#2 [state, video] Control the Tello drone! Node.js | TypeScript | JavaScript

Tello, TypeScript, Node.js

This is the second part of a series about Tello drone programming. This article provides information about the drone state & video stream. This time we won't discuss basic information, such as the connection to the drone, its host and ports, or UDP protocol— we did it in the first part of this series (link below)

In the next article, we will talk about how to combine stuff from previous parts and present them in the browser. So stay tuned! 👌 💪

#1 — State

According to the SDK, we can listen to the drone state on UDP port 8890 and get it in a string form. Thanks to this, we can easily get information such as speed, temperature, or battery level (full list below) in real-time.


The returned state is as properly formatted:

pitch:%d;roll:%d;yaw:%d;vgx:%d;vgy%d;vgz:%d;templ:%d;temph:%d;tof:%d;h:%d;bat:%d;baro: %.2f; time:%d;agx:%.2f;agy:%.2f;agz:%.2f;\r\n
  • pitch: Attitude pitch — degree,
  • roll: Attitude roll — degree,
  • yaw: Attitude yaw — degree,
  • vgx: Speed x,
  • vgy: Speed y,
  • vgz: Speed z,
  • templ: Lowest temperature — Celcius degree,
  • temph: Highest temperature — Celcius degree,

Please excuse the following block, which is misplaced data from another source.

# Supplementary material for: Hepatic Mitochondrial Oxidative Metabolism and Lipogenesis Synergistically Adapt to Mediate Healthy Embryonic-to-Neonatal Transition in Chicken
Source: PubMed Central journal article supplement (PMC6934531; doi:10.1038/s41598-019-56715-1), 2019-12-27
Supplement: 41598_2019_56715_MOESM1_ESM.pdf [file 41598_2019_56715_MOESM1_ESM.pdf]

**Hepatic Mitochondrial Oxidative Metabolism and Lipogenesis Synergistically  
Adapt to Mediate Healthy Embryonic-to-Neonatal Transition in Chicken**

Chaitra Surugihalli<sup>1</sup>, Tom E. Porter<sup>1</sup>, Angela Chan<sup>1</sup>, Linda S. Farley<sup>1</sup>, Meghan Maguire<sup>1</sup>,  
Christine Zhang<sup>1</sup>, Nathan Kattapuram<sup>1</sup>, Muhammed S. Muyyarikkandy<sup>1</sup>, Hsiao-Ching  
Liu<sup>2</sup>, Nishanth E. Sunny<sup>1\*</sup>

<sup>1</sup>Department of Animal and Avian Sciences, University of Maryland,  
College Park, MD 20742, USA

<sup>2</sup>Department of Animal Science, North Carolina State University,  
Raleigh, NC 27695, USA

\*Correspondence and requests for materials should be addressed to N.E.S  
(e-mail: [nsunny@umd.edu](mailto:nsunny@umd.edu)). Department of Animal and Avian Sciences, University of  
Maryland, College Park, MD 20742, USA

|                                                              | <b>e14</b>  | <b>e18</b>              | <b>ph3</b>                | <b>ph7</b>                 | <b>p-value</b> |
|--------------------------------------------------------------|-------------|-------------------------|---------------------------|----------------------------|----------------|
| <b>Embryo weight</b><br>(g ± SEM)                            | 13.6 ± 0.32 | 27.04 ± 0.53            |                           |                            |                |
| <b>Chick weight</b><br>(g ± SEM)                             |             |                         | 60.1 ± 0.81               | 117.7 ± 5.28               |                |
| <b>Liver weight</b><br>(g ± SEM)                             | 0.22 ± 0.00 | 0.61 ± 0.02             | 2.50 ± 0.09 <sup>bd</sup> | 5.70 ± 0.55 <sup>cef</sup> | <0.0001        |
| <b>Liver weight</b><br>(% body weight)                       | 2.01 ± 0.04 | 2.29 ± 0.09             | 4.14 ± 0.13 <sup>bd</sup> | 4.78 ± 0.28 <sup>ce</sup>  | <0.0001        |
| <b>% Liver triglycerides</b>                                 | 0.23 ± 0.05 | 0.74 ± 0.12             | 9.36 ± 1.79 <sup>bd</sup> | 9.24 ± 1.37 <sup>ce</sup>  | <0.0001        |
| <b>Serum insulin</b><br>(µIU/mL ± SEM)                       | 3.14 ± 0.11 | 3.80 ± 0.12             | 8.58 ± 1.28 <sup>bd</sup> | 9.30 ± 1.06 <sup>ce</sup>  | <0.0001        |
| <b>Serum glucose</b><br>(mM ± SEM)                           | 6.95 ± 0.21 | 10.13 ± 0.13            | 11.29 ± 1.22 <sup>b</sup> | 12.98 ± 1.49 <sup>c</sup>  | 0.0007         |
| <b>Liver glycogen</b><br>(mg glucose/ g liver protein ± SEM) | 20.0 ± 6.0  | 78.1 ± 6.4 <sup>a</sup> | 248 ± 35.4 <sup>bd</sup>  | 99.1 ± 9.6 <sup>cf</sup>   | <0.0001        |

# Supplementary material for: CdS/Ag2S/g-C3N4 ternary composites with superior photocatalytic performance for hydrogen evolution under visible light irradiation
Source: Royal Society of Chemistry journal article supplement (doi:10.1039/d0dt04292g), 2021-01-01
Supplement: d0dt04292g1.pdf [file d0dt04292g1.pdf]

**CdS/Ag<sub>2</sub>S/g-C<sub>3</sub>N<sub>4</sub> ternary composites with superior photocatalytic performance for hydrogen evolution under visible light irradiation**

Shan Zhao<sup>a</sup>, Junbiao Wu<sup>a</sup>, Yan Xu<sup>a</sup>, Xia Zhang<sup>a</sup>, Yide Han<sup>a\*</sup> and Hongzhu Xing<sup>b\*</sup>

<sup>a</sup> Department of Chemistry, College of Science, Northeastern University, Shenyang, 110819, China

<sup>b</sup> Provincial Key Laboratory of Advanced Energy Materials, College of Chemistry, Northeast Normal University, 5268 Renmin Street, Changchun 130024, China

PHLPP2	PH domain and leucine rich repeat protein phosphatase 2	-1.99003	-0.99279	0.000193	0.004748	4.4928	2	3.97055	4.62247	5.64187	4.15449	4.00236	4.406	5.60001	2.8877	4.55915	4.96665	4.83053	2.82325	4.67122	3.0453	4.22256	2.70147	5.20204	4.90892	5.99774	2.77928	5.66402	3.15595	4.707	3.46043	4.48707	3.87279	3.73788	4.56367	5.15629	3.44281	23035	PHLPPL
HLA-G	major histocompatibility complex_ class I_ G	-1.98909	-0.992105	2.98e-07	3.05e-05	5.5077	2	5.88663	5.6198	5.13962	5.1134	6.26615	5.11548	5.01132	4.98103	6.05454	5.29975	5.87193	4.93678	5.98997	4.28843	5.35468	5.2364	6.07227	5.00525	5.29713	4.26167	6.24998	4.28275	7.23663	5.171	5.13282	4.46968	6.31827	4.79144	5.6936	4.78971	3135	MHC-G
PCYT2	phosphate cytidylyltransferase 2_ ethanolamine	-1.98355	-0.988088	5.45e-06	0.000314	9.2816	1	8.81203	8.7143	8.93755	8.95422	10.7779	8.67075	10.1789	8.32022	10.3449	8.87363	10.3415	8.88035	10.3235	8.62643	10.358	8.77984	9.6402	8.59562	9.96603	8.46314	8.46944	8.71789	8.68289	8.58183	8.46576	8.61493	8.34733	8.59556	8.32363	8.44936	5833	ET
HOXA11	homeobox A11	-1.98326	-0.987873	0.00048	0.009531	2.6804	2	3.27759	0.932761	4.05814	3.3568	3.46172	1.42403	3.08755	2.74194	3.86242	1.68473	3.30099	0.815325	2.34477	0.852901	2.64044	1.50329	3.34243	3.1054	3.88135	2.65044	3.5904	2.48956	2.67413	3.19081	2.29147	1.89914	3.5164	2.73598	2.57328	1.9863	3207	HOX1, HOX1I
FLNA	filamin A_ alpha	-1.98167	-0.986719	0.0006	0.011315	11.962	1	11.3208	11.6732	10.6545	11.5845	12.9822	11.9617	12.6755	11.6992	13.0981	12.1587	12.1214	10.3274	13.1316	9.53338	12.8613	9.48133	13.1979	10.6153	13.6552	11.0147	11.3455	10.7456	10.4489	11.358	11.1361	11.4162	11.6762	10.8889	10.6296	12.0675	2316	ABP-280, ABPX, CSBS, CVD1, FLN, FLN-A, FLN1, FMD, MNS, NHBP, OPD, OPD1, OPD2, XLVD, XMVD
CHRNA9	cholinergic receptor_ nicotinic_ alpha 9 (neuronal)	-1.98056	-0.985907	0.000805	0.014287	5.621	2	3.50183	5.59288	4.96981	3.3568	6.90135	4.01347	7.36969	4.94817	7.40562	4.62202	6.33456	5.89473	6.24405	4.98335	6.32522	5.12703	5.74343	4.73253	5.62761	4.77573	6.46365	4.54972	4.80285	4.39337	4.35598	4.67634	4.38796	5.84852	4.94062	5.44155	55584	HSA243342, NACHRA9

• tof: TOF distance — cm,
  • h: Height — cm,
  • bat: Current battery percentage — %,
  • baro: Barometer measurement — cm,
  • time: Motors on time,
  • agx: Acceleration x,
  • agy: Acceleration y,
  • agz: Acceleration z.

Example state response:


Getting state

As already mentioned the drone server provides listening for its state on UDP port 8890. To get the messages from UDP we will use the UdpSocket class which we created and discussed in the previous article.

IMPORTANT! To read the state of the drone, you have to set it into command mode first! I show how to do this in the previous articleCommand mode section.

As a reminder, UdpSocket class looks like this:

So let’s move on to the practice! 💻👇

#2— Implementation (state)

A socket connection is done by UdpSocket class, so now we need to use it properly. Let’s create a DroneState class that will be responsible for listening and displaying the drone state.

In the class constructor, we create a new socket object and — through the addSocketEvents method — listen for two events: error and message. At this moment we do not need any other logic, so we simply display the received messages from the socket — actual drone state or error.